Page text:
Golf is a game of misses because you only hit one or two good ones in a round. This translates to most of the shots you hit are missed. The biggest difference in my golf game now and my golf game before I had a stroke is that my misses are worse than they were before. This means that instead of just missing the pins, sometimes I miss the green. I still hit some good ones like I did before. The good ones are as good as they ever were, just not as many good ones in a round. What was encouraging about my round on Sunday was not my score, but the fact that I hit a lot of really good shots- particularly with my irons.
Winter golf around here has been very difficult because many of the shots have no turf at all. So you’re essentially playing shots off of wet mud. It’s a beauty that the Bermuda grass is starting to grown on the fairways. The ball sits up a little higher making it easier to make solid contact.
We are very lucky to have such good pork at the farmers markets in this area. A few years back, many of the small farmers and vendors started the side business of raising hogs. Most of the cuts of their pork are really good. In my opinion, the sausages that they have made for them out of the trimmings all have the same issue.
Don’t get me wrong, I still buy them and try each new one that I encounter. Whoever they use to make the sausage grinds the meat too fine. The best analogy that I can give for this is the making of a hamburger patty… Most people know that you don’t press the patty too tightly so there are not air pockets within the meat. If pork sausage is ground correctly, there are air pockets within the meat where juices can collect. When you take a bite, it’s juicy instead of dry. Who doesn’t like a juicy bite?
Sausage is the original convenience food, a wonderful invention. In the fall and winter, I eat it at least once a week. I do appreciate the local farmers way of spicing their sausages. I always serve them with some kind of cooked greens. The other night I braised some local cabbage and had sausage with it. The cooking liquid does help to keep the sausages from being too dry.
I have an old friend, one of my dearest friends who also had a stroke. He has some of the same disabilities as I do. When I speak with Stephen, he seems to be able to find the blue sky in his new life easier than I. For awhile, I felt bad about my inability to find the blue sky. My neurologist told me that even though we had a similar kind of stroke, everyone’s brain is unique. Now I find Stephen’s ability to articulate the blue sky encouraging and inspiring.
This post is about some of my own ability to see blue sky. A frustrating and maddening aspect of my rehab is my inability to perceive or acknowledge any improvement that I make. I have so many friends who thankfully point out and are articulate about how I have improved. Billy Leahey and Annie Smith come to mind, as well as Peter Roy. Billy talks to me about how much better I get around physically. Annie remarks how much my face looks like it did pre-stroke.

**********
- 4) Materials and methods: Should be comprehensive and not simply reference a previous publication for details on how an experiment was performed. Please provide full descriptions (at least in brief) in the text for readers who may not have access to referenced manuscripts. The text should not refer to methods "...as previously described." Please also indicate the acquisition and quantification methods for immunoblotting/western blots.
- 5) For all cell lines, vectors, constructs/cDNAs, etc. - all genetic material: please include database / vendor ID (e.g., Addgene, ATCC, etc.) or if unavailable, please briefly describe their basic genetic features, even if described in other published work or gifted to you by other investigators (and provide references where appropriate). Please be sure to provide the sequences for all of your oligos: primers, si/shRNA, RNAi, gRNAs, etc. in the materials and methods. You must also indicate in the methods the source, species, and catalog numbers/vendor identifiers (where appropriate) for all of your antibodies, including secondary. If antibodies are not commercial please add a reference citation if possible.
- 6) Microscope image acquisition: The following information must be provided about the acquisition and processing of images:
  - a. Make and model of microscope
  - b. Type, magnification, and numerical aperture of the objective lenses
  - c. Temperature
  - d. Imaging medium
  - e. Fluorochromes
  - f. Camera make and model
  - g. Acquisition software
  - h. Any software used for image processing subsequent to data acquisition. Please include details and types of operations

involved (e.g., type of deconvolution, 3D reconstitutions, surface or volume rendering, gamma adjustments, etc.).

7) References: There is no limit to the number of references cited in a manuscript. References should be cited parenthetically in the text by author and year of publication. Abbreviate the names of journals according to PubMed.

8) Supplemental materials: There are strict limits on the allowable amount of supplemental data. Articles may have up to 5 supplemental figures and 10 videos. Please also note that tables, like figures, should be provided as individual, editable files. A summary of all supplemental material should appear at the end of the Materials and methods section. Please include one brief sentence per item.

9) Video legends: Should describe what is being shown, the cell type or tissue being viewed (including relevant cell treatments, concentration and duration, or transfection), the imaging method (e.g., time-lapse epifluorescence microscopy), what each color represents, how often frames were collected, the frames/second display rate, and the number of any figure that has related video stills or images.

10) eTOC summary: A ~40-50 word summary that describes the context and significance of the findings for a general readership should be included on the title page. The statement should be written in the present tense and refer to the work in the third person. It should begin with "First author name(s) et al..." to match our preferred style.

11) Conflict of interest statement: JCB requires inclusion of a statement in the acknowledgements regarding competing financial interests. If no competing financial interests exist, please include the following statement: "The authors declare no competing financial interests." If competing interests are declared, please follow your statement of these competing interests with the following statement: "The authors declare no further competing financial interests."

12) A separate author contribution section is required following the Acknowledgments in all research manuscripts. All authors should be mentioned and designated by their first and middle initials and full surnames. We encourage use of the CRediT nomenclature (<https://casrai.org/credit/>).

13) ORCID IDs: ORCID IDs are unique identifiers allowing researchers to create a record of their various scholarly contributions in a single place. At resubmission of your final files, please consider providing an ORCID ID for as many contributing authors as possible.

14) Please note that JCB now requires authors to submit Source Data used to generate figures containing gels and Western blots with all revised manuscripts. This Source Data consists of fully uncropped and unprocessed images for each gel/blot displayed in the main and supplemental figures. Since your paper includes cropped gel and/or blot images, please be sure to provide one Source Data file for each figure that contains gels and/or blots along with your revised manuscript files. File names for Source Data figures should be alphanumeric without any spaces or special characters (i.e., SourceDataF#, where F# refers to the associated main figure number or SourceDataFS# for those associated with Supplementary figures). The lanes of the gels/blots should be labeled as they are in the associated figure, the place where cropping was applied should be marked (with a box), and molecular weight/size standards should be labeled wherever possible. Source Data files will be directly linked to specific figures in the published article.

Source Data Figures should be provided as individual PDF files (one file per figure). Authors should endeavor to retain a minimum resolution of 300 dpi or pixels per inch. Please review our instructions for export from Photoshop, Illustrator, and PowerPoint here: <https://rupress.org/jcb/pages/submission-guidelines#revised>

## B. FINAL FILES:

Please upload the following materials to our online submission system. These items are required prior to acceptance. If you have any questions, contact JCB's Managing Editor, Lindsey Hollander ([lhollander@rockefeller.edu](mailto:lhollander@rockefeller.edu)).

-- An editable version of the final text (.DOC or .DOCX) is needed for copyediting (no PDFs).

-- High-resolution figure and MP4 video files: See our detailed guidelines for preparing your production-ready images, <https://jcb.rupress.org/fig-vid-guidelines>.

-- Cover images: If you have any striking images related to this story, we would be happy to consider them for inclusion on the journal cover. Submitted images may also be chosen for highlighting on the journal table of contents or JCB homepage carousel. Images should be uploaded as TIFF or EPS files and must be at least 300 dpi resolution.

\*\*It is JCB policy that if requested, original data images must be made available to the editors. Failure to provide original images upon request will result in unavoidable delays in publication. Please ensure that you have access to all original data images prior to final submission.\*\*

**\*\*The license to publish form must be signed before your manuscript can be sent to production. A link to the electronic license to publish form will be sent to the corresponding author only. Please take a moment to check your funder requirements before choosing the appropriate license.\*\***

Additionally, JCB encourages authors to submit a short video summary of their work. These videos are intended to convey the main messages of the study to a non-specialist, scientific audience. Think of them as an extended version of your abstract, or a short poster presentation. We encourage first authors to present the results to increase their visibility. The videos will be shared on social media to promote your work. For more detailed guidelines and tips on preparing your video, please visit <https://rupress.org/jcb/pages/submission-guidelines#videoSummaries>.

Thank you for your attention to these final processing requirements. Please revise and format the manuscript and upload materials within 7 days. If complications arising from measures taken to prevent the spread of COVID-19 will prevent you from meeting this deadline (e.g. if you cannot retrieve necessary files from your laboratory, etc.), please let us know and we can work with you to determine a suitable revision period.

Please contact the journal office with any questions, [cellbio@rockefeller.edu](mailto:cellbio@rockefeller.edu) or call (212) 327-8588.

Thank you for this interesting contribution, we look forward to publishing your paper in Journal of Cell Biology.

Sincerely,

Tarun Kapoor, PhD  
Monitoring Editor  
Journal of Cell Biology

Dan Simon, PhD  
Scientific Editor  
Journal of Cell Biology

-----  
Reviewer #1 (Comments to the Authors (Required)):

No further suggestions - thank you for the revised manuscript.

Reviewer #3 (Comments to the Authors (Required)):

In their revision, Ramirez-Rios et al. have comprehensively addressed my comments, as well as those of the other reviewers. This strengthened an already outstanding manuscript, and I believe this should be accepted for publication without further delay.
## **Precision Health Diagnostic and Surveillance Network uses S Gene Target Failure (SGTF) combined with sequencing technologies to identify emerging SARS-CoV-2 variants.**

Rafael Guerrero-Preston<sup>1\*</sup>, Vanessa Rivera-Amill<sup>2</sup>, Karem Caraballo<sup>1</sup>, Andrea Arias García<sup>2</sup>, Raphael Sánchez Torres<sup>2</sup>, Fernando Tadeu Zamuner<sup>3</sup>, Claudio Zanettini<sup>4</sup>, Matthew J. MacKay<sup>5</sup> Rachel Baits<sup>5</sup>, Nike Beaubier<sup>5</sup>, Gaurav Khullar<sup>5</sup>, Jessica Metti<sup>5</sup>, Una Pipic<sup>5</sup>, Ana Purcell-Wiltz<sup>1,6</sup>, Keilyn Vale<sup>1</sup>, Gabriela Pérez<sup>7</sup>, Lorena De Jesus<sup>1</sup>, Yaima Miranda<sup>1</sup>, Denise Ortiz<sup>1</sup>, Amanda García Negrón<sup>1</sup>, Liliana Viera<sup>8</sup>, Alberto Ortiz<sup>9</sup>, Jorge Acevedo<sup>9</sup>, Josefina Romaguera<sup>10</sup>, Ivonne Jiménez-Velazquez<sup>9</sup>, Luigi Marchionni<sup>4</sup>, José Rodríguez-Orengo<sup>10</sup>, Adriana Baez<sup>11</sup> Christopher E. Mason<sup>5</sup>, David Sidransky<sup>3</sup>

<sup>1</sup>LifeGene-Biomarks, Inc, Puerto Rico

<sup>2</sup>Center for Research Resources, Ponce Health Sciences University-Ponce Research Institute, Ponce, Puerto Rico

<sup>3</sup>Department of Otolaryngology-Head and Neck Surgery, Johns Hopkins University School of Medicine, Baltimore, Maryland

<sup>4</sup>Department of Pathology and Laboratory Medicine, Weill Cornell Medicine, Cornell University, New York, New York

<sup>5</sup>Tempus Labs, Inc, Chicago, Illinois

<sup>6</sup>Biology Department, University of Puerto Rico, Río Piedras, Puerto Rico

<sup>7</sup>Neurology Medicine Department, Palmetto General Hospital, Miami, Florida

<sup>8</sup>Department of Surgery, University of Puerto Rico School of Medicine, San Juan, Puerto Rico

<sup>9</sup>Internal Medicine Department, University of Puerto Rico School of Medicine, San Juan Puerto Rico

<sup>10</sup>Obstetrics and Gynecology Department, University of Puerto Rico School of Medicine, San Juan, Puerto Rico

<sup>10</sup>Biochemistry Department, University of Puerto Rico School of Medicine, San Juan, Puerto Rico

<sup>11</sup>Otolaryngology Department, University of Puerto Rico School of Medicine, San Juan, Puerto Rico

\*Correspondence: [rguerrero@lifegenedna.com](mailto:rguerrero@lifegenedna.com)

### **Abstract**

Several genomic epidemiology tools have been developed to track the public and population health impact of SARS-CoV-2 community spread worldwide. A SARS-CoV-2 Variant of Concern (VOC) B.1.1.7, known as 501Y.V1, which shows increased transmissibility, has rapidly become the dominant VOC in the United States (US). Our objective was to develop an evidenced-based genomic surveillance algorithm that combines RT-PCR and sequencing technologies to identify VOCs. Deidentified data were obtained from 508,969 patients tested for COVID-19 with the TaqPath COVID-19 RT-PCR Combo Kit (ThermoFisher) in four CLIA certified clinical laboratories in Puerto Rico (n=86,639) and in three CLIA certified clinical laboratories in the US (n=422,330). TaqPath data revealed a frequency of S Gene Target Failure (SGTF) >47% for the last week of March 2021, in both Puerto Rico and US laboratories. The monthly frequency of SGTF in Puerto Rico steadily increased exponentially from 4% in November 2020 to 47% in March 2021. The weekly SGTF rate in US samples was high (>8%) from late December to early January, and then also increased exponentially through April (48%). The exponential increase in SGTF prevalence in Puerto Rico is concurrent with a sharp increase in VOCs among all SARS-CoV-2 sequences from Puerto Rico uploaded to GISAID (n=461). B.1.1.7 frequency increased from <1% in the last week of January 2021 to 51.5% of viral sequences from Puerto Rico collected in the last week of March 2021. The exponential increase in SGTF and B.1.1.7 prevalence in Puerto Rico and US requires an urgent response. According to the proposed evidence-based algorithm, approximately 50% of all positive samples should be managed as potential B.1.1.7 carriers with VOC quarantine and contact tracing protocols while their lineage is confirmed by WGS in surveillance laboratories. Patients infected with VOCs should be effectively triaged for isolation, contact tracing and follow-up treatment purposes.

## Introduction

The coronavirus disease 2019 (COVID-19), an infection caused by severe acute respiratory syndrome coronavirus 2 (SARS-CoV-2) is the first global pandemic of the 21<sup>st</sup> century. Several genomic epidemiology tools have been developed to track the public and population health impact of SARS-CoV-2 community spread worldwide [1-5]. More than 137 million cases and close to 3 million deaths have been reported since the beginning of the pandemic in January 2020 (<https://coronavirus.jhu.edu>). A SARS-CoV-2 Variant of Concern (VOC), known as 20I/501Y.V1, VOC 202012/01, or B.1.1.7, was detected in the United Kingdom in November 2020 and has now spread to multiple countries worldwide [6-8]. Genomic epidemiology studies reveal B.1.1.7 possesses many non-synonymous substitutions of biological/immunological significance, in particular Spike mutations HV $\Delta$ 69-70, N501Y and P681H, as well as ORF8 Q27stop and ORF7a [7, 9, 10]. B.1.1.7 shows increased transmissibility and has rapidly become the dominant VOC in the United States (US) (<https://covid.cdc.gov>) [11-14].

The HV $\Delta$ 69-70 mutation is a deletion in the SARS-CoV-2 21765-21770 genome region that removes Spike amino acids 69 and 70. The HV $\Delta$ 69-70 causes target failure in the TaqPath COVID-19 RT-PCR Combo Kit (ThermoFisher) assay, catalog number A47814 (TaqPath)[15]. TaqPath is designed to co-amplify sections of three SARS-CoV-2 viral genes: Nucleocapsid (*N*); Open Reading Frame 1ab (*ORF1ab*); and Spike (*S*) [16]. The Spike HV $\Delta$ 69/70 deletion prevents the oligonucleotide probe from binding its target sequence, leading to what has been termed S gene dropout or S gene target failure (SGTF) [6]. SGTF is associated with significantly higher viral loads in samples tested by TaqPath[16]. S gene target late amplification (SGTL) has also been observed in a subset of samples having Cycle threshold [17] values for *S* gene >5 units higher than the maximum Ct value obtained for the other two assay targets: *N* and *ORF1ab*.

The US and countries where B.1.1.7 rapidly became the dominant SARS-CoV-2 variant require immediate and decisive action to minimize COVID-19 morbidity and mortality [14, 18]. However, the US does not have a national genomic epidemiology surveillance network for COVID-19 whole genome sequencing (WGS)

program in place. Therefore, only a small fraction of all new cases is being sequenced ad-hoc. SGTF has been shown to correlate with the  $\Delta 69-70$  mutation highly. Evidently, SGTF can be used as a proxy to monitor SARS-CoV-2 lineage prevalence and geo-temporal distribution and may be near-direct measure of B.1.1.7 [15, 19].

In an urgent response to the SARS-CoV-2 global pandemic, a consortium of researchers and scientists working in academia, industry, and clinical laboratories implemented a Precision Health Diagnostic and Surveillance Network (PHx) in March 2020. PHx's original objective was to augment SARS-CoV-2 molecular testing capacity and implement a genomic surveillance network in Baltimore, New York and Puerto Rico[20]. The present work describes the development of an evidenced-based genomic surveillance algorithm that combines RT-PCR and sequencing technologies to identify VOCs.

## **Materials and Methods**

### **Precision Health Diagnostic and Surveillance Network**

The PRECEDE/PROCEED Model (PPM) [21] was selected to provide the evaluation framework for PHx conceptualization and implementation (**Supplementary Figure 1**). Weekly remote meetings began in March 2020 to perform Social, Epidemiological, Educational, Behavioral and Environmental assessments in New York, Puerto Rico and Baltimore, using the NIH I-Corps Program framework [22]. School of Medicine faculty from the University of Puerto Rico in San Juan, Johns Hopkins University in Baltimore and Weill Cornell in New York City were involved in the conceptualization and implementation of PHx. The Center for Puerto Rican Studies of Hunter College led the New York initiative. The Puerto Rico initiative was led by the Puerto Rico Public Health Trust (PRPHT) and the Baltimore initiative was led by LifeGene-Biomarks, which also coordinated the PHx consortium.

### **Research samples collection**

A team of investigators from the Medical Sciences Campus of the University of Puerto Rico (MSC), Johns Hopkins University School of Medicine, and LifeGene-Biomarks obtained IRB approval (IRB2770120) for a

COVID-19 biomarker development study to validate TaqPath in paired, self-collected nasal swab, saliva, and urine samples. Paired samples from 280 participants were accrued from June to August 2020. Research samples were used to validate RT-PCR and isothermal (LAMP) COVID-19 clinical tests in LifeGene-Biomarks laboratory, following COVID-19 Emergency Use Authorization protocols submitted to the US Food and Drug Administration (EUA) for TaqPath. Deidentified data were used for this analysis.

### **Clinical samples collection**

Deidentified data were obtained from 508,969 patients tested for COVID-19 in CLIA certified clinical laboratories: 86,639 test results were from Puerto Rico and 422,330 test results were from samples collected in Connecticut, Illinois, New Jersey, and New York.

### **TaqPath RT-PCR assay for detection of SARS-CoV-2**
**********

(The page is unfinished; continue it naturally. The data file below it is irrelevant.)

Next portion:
The last four rounds of golf that i have played, I felt better out there on the green. I played better, I enjoyed myself more. It was unavoidable even for me to miss. A big shout out to Billy Leahey and to all of my golfing partners for all of their patience with me and their encouragement. I believe a catalyst for this improvement came from something that Billy Leahey said to me a few weeks back. He said, “Lex when you were a good player. You were quite deliberate. Now you move so fast it looks like you’re just trying to get it over with.” When I thought about his comment, I realized that he was right. I even figured out why I did that. Part of it is that I am impulsive. Another part is that I feel disoriented and discombobulated setting up for a shot. The actual swinging of the club is the least disorienting part.
In golf, visualization is crucial. Connecting with the target is essential. So when I played three Friday’s ago with Mick Charles and Jon Christensen, I made a commitment to myself to try to take a little more time. When I felt disoriented, I would breathe through that disorientation and try to find a target for my shot. I was successful and played a lot more quality shots in that round.
My next round was with Billy Leahey. I played with Billy last Thursday at Finley. I made the same commitment. I told him about my success at Hope Valley. In that round, with Billy serving as a defacto caddy for me, I made 8 pars and an eagle. I broke 80.
Lastly, I played with my regular group on Sunday at Duke. I again hit a lot more quality shots. With the handicap they give me, I won the $2 for low round. More importantly than winning the $2, was the comment from my steady golfing companion for over 20 years, Larry Eimers, who said – “Lex you played a really good round today, a solid improvement. You should let this success wash over you.”
Recognizing my improvement in this area of my life makes me hopeful that maybe I will be able to improve in other areas of my life. Maybe I will be able to drive a car one day. A beauty to more blue skies for everyone!